In the frail group, 53/62 (85.5%) and 23/62 (37.1%) experienced at least one any grade, and at least one ≥G3 AE respectively, with median number of episodes per patient (ranges) of 2(1–7) and 1 (1–4). In the same group, 8/62 (12.9%) experienced at least one ≥G3 haematological toxicity with a median number of episodes (range) of 1 (1–3).

In the intermediate or fit group, 27/38 (71.1%) and 8/38 (21.1%) experienced at least one any grade, and at least one ≥G3 AE respectively, with medians (ranges) of 3 (1–6) and 2 (1–3). In the same group, 3/38 (7.9%) experienced at least one ≥G3 haematological toxicity with a median number of episodes (range) of 1 (1–2).

Discussion

The choice of VCD therapy made by clinicians to treat this elderly newly diagnosed myeloma patient group in this UK cancer region is often driven by high risk/aggressive disease and renal presentation, instead of other available therapeutic alternatives such as attenuated cyclophosphamide with thalidomide and dexamethasone (CTDa). Access to lenalidomide with dexamethasone in this patient group (as per FIRST trial) was not available in UK routine practice until 2019.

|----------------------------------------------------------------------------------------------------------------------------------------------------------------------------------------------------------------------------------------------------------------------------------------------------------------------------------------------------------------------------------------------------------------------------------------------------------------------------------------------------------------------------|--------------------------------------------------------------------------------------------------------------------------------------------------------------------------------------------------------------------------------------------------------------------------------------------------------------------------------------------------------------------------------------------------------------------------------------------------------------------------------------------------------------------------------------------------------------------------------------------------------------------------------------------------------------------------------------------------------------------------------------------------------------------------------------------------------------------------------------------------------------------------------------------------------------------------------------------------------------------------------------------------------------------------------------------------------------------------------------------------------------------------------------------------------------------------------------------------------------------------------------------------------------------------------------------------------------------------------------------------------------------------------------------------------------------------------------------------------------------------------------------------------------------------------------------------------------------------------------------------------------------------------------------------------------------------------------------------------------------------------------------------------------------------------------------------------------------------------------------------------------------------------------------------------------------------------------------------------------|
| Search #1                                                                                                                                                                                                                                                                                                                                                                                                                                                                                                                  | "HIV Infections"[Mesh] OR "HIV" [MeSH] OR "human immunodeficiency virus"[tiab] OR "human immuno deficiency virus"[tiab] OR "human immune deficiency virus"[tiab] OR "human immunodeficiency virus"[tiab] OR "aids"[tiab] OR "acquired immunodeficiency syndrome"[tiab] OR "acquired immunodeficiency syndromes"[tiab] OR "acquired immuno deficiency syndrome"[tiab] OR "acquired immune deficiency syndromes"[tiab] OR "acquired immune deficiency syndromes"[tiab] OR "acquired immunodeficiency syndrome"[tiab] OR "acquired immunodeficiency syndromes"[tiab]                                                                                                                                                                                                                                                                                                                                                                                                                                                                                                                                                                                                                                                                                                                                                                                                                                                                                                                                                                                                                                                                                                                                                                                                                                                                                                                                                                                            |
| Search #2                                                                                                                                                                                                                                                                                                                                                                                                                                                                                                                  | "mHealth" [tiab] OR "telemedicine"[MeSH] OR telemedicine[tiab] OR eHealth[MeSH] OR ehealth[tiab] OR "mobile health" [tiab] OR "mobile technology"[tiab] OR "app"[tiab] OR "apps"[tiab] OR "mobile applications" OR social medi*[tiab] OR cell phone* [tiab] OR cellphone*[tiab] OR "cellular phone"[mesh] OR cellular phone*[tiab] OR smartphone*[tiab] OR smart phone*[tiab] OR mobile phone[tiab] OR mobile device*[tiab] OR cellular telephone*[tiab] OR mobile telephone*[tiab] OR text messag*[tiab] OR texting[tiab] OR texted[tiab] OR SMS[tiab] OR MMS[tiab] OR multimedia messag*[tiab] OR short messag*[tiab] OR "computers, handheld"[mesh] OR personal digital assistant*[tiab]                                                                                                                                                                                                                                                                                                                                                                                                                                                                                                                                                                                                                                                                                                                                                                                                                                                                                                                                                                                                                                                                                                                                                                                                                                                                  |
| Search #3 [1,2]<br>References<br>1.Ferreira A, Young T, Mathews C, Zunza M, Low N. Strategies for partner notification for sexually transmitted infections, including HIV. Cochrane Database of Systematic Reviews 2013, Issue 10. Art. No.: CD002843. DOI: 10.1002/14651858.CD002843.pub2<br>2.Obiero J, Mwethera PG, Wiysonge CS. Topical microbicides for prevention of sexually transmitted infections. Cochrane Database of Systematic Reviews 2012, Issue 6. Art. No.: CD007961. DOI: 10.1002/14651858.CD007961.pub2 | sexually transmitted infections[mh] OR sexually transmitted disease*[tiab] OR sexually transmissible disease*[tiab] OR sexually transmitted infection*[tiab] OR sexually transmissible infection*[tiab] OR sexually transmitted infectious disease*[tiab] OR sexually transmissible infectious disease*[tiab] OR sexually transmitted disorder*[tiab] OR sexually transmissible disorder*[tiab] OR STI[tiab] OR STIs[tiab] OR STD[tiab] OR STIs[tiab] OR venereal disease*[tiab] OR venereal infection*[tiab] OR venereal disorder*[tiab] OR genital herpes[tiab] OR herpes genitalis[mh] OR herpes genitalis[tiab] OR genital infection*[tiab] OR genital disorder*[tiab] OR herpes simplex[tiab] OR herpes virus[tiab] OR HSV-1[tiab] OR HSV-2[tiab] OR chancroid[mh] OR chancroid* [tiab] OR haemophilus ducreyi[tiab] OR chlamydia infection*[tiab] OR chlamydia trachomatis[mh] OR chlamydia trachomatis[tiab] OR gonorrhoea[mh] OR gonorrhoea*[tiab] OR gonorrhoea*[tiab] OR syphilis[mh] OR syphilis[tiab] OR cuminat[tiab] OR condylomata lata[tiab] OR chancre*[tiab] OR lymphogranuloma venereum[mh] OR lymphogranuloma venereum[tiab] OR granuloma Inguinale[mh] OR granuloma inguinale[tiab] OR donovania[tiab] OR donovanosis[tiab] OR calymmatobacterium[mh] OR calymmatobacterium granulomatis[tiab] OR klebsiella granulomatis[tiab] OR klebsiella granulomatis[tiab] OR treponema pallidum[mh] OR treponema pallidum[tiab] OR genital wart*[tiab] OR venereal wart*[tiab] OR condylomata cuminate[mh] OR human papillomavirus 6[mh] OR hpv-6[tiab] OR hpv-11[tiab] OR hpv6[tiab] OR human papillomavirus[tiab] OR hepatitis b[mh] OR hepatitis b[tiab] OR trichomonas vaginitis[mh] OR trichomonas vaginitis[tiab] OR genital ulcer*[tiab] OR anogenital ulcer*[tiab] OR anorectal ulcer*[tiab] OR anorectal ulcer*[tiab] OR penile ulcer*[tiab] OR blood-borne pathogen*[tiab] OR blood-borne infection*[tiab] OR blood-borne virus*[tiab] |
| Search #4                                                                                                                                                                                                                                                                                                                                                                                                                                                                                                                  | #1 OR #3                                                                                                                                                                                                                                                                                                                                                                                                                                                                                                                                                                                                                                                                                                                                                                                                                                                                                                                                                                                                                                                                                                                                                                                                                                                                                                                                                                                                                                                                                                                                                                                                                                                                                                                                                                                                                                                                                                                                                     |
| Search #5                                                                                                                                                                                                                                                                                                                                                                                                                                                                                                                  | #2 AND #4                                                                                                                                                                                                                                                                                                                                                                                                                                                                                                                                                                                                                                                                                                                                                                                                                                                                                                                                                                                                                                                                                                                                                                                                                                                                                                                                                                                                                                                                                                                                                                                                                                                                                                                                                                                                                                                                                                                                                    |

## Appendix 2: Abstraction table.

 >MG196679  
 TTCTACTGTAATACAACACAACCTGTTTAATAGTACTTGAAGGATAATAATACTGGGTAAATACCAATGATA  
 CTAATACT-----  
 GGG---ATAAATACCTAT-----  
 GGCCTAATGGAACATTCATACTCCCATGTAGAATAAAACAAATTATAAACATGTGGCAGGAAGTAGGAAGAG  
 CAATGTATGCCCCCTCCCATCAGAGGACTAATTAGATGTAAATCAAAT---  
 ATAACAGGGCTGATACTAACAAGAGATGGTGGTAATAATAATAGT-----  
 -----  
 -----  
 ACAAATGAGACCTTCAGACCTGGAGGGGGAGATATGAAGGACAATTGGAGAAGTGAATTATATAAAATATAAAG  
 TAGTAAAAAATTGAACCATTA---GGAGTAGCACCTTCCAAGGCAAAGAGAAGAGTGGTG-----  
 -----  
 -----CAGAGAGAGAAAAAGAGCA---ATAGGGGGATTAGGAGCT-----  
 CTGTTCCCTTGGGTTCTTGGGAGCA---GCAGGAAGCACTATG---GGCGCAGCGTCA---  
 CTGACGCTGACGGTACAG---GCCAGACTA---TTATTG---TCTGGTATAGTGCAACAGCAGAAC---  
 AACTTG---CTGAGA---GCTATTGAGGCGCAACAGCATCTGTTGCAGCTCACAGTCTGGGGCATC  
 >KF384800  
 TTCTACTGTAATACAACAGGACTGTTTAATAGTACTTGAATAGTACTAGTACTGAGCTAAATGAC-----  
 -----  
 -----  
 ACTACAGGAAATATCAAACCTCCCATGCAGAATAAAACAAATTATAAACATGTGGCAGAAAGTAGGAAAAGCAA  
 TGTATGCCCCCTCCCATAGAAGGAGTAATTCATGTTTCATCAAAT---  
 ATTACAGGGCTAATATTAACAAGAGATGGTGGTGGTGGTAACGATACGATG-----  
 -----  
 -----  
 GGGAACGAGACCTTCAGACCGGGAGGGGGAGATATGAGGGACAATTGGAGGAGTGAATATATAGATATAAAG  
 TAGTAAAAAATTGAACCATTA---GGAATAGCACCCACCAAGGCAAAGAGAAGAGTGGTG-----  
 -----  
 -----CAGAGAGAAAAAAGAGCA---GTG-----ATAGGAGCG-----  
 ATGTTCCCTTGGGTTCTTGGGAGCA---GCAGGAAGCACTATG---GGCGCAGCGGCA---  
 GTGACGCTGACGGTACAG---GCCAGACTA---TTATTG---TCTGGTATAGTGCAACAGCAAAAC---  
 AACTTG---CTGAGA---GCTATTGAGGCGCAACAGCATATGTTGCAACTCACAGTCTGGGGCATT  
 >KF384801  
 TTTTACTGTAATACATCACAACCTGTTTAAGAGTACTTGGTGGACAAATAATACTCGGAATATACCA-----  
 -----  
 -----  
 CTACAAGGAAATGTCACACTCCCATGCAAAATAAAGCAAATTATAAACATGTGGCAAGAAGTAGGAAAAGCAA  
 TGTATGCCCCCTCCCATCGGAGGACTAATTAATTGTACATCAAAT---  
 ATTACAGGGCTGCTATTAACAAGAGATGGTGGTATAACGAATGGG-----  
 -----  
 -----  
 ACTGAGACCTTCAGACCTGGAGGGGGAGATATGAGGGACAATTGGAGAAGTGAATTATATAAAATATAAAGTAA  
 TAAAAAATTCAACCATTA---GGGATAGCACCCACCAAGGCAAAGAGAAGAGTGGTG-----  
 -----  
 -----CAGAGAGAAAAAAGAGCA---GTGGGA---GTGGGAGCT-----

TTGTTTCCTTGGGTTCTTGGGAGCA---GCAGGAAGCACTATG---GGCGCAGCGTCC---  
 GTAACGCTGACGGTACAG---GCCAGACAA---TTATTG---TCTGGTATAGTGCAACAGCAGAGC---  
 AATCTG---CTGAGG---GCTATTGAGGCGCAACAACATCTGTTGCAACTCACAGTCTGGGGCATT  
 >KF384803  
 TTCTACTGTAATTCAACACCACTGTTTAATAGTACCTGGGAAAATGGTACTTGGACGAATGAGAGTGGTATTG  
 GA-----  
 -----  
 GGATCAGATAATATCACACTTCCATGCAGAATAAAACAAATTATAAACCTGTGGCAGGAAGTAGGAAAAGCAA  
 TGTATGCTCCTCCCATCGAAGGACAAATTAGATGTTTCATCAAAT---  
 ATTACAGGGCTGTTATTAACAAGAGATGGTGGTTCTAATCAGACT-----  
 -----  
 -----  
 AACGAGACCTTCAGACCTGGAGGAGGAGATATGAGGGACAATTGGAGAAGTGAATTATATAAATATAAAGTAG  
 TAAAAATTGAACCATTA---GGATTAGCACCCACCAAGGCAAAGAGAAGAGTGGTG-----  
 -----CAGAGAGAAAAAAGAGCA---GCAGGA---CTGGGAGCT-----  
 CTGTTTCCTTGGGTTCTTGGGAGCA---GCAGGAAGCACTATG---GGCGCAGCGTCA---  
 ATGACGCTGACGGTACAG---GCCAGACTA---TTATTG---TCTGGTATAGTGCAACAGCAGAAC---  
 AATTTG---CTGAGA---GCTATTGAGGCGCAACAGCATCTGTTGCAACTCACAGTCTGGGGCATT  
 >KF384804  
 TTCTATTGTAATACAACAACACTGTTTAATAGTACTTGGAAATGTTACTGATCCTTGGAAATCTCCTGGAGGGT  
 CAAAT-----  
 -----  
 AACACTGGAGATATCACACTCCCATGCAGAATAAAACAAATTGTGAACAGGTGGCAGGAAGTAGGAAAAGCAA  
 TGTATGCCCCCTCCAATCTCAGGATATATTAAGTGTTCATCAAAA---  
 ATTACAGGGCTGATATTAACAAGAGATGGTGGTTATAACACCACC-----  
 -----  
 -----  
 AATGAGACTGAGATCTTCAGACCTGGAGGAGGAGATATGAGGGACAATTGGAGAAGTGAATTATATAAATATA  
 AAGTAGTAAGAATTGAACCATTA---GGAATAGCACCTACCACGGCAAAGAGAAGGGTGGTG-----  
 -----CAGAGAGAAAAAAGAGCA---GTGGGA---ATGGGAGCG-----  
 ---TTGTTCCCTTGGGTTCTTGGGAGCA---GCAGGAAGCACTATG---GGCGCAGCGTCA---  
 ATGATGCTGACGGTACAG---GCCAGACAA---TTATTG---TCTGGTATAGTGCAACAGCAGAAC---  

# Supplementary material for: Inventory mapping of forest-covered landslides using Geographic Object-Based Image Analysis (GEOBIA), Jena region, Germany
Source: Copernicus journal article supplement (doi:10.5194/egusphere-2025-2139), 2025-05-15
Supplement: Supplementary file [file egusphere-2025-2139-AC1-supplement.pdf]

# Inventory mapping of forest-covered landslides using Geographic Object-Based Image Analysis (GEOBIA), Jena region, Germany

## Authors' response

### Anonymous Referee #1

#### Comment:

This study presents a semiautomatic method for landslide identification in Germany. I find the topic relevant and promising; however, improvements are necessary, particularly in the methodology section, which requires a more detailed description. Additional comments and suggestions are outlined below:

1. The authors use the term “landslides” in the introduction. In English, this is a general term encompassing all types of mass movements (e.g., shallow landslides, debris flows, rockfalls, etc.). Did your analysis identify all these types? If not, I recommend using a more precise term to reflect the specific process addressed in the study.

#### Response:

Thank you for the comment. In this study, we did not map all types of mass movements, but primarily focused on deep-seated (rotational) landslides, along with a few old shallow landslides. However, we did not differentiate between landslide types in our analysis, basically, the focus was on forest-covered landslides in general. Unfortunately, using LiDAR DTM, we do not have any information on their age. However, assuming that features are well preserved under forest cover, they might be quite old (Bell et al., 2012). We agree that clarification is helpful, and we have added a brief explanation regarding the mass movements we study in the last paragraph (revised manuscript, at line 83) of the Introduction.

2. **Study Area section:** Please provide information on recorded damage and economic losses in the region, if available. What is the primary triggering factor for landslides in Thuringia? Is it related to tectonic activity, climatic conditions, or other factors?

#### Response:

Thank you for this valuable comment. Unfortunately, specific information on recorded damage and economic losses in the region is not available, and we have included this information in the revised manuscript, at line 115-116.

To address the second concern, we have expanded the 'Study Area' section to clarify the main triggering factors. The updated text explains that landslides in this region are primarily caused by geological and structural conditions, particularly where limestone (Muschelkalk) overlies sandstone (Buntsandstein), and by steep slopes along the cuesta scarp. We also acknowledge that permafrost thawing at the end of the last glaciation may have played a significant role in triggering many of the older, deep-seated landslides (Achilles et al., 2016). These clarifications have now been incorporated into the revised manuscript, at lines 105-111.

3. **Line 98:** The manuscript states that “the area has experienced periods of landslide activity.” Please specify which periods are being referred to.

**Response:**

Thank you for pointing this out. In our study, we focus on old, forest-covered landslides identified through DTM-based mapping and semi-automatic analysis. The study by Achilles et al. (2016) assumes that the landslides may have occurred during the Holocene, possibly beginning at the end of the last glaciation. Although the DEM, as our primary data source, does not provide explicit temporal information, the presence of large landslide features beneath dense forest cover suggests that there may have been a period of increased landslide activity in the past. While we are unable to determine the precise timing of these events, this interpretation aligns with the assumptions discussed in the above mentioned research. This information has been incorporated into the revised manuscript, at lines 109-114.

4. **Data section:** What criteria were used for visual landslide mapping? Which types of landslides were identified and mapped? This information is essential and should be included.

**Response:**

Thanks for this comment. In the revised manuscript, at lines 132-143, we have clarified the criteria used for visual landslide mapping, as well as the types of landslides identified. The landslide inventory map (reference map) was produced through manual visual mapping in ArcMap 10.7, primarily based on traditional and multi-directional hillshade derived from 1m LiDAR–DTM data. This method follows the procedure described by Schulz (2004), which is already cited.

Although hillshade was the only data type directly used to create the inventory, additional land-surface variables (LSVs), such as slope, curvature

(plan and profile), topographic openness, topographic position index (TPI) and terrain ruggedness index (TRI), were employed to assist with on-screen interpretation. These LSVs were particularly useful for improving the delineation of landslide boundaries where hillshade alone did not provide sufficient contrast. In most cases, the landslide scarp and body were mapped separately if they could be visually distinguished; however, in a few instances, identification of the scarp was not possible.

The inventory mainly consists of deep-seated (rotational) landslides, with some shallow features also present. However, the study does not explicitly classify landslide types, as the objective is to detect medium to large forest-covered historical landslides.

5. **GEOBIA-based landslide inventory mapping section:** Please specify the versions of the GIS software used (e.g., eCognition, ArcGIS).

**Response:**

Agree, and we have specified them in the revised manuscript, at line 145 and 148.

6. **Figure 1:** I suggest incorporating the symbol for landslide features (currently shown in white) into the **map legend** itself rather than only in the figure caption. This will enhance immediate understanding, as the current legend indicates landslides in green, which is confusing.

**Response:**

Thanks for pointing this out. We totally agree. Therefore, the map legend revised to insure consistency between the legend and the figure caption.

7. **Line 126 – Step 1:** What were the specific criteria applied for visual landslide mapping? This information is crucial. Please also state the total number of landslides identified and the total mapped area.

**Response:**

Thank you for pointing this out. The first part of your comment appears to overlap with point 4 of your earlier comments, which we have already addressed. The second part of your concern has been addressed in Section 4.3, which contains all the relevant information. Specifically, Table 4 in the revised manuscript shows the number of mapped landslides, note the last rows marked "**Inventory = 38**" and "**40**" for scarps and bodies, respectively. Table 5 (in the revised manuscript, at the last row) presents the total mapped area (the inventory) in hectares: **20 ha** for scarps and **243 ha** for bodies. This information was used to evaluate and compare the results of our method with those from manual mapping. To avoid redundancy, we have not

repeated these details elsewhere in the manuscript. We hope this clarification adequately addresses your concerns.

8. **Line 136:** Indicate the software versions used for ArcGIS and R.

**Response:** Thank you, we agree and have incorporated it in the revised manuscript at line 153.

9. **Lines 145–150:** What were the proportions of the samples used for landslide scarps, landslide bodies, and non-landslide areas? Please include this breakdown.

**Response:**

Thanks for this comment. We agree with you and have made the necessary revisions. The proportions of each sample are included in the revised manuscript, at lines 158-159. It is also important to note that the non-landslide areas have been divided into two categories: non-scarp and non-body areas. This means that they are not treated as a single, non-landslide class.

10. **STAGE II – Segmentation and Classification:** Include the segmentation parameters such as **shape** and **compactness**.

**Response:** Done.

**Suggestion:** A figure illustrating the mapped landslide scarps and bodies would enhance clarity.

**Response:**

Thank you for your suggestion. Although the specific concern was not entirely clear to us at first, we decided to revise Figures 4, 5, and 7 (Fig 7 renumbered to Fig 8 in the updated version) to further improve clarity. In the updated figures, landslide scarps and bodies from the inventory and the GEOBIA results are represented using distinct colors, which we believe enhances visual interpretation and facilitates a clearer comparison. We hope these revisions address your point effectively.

The MPR risk scores are easy to calculate and can be readily implemented in clinical practice. The prognostic value of MRP was validated in a population-based study of 1377 TNE NDMM patients from the Danish National Myeloma Registry, which confirmed that the MRP is a robust and valuable risk assessment tool for patients aged over 65 years [7]. Median OS was (low risk: 55 vs. medium risk: 35.9 vs. high risk: 13.9 months, P<0.0001), and median PFS was (low risk: 21.7 vs. medium risk: 16.6 vs. high risk: 10.3 months, P<0.0001) [7].

However, there remains an ongoing debate on whether the current frailty assessments, such as MRP, are in need of further harmonisation prior to implementation into myeloma treatment decision-making in routine care, such as the inclusion of biomarkers for ageing [10], and other parameters reflective of baseline patient-related characteristics (e.g. co-morbidities, functional impairment).

In this study, we have shown a trend for worse OS in frail patients, which is consistent with MRP study, but without statistical significance. Our ability to assess the prognostic value of the MRP for survival was limited by the smaller patient numbers in the different MRP categories. This is to say that data fragmentation may have led to insufficient power to assess the prognostic value.